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Computer graphics come in two sorts: bitmaps and vectors

There are two basic formats for images displayed on a computer – bitmap and vector.

Bitmap images are precisely that, a map of the colours of each point on the image. Photos are a good example, although any image could be displayed as a bitmap. Examples of bitmap formats are tif, jpg and gif

The other type is the vector image. Here the image is represented through mathematical curves and fills. Although the image ends up as a set of dots on the screen, these dots are calculated 'on the fly' at the time the image is displayed. Such images remain sharp at any size, whereas with a bitmap, magnification will eventually render the dots visible and outlines will be fuzzy (as in shot 1 illustrated below). Because maths varies between programs, most vector image formats are program specific, although some simple images can be represented in wmf or emf.

When it comes to web page images, the final image is usually a gif or jpeg file, since these are readable by most browsers. Thus vector images are usually pre-exported to gif or jpg.
Gif or png files are usually the best way of rendering diagrams and logos that are made up of large areas of one colour.
Jpg files are the most efficient way to represent photos. There is a compression mechanism built in that reduces file size in return for a slight loss of quality. (You can choose how much) With images containing large areas of one colour, this compression can lead to visible 'artefacts'. Every time a jpg is resaved, it may deteriorate, so always keep your original or save your prepared image as a tif before saving as a jpg.

SVG Sorry, your browser does not support inline SVG. SVG Scaleable vector graphics (SVG) format
These images are supported by modern browsers, defined in a text based script which can be inserted directly into the html text and remain as vectors. They respond to CSS styles. Here is an example with a blue border. You can view the code through view page source. Equally you can use the img tag in the normal way as shown here with a red border. To get the two images to look the same I had to specify the height of the embedded copy in addition to the width. Many vector graphic programs can export to SVG and that is the simplest way to create them. See for more information on the coding. Warning: not all browsers may support this. The third example with green border is from scratch, a work in progress.

Treating Photos

Think in pixels
Computer screens have a set resolution of pixels per inch, so anything of higher resolution will be rerendered by the browser for display on the screen. This means that for web pages there is an optimum dimension in pixels based on 96 or 72 pixels per inch, This is significantly less than the printed version, which may be around 300 dots per inch. Photos for the web need to be processed down to this optimum size by a process known as resampling or downsampling. So, if you know your page width in pixels (typically 600-800 pixels) then you can calculate the required image width as a proportion of that number. Always specify the required size in the html image tag. This allows the rest of the page to appear around the image before the image is fully loaded.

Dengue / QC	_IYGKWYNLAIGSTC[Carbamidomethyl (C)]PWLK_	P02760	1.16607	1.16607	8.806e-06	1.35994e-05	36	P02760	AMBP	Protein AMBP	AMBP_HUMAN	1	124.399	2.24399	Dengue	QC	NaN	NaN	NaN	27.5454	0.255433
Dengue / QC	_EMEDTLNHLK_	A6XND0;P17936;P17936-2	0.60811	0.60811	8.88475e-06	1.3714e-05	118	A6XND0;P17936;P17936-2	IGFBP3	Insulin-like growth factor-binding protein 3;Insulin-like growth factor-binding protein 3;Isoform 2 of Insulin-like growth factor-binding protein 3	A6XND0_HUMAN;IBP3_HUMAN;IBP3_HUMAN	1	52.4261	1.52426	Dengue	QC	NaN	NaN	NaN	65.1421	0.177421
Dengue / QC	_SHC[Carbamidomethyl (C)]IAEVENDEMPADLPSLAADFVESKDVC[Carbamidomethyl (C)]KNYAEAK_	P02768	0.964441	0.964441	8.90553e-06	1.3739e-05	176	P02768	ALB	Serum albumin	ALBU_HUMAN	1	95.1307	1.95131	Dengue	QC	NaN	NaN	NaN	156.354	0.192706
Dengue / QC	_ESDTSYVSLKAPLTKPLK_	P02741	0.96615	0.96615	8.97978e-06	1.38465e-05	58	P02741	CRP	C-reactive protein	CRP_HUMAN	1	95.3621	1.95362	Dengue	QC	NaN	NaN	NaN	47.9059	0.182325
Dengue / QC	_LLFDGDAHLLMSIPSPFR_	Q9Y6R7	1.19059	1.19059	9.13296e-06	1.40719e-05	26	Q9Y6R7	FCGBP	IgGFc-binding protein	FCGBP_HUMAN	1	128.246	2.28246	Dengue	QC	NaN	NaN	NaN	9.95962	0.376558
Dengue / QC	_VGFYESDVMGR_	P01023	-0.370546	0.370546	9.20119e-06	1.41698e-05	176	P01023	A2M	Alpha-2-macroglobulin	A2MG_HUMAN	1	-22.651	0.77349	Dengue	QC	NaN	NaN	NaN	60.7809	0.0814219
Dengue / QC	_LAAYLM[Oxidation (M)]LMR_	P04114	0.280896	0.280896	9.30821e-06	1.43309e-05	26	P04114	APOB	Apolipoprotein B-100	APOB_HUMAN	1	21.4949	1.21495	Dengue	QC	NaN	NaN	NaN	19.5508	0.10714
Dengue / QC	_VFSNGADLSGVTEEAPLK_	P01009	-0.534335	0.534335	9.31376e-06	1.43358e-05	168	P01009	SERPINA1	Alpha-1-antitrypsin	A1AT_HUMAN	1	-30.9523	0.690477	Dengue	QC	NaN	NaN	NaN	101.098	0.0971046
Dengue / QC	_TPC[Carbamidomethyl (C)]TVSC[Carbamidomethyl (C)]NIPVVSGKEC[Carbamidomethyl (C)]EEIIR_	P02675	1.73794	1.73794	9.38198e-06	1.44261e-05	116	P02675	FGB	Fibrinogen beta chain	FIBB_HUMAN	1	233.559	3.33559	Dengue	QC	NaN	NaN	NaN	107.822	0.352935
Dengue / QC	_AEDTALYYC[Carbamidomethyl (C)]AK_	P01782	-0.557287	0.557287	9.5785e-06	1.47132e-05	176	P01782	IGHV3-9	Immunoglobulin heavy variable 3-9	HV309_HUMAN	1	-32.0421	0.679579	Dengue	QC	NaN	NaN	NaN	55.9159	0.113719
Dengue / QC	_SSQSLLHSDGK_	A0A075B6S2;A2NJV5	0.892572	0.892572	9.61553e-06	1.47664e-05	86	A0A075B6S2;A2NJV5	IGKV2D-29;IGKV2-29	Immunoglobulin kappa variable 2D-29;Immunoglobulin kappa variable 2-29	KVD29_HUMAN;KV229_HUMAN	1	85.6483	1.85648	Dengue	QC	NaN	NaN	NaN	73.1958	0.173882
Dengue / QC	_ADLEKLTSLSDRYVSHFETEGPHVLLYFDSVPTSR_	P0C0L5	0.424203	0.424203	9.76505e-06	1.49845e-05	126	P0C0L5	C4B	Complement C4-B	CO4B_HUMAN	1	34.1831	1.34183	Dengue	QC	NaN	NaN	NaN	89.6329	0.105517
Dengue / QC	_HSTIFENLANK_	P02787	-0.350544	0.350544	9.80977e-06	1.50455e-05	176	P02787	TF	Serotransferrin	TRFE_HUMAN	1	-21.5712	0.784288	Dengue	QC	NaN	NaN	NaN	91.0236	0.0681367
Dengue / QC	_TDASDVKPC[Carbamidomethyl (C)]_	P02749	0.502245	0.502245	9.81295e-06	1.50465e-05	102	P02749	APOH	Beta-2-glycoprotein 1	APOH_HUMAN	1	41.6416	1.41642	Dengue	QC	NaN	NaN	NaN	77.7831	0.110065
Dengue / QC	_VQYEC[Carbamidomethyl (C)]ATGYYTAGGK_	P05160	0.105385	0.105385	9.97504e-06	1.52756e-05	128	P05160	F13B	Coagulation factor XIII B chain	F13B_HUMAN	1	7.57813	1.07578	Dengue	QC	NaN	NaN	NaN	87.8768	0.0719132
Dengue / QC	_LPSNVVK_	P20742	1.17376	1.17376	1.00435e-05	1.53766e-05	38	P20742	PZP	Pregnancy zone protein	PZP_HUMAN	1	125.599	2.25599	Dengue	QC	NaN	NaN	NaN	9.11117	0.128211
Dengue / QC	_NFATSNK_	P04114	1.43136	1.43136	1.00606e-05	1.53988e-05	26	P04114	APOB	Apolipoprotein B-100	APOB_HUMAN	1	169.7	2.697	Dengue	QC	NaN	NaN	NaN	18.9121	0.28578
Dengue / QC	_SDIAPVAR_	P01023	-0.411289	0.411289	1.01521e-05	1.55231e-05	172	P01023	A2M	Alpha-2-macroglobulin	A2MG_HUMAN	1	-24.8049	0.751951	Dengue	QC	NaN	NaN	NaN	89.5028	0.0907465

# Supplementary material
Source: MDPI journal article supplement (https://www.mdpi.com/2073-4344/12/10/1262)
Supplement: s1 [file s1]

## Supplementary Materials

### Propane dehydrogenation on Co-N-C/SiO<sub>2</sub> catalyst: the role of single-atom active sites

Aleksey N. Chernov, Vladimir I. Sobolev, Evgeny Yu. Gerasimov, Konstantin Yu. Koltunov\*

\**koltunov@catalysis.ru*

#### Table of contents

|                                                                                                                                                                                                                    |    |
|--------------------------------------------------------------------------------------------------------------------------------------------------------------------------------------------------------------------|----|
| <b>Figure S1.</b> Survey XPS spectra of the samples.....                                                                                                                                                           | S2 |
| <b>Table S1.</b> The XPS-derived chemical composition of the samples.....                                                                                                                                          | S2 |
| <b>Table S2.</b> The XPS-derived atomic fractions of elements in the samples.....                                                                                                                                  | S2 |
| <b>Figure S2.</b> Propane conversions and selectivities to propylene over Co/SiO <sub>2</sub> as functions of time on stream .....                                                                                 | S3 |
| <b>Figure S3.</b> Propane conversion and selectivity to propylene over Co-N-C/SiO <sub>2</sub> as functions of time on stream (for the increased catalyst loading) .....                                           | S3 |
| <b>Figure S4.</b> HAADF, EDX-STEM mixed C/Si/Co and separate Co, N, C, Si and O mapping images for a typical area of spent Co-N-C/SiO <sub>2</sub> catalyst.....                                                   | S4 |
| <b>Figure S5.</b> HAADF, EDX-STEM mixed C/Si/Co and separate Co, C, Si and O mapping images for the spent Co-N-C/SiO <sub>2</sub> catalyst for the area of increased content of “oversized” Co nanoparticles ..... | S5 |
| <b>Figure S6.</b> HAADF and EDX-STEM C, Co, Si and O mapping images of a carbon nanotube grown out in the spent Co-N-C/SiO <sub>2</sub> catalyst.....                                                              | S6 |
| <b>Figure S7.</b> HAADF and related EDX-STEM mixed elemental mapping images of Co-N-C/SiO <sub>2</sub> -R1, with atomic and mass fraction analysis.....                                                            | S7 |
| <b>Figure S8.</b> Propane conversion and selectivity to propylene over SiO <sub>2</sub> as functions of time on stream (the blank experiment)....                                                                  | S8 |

The optimum order of processing should always be rotate, crop, resample, brightness/contrast, touch-up, convert to sRGB (if necessary, many images are already in sRGB) sharpen, export to jpg. Once resampled, always view your image full size while processing.

Preparing diagrams, buttons and logos

Ideally these will be drawn using a vector program. The pixel dimensions will be set to match the requirements of the final image size on screen. The image will be exported to a gif, during which the number of colours can be chosen to keep the file size down. Every time a change is needed, the vector image is revised and re-exported.

About anti-aliasing
The pixels on your screen are effectively visible to the naked eye. When representing a curved boundary between two colours on the screen it is not possible to create a smooth curve using just the two colours. Shot 2 below shows the best that can be done. Image programs get round this by blending the two colours at strategic points along the boundary. This 'blurring' of the boundary is known as anti-aliasing, as illustrated by shot 3.

Image problems

About transparency
It is possible to set one colour (and only one) in a gif to transparent, allowing the page background to show through, as in shot 4 above. When doing this, place the button or logo against the background colour of your page, and choose the transparency option. If you don't do this, you may get a tide-mark as the object is antialiased against the wrong background - in shot 5 the background was magenta.

Xara shapes

The following zip files contain individual Xara files which when unzipped to appropriately named folders can be linked to the Xara X clip art gallery in the normal way: Common shapes: 148 kb, repeating shapes: 130 kb, and mould envelopes: 43 kb.


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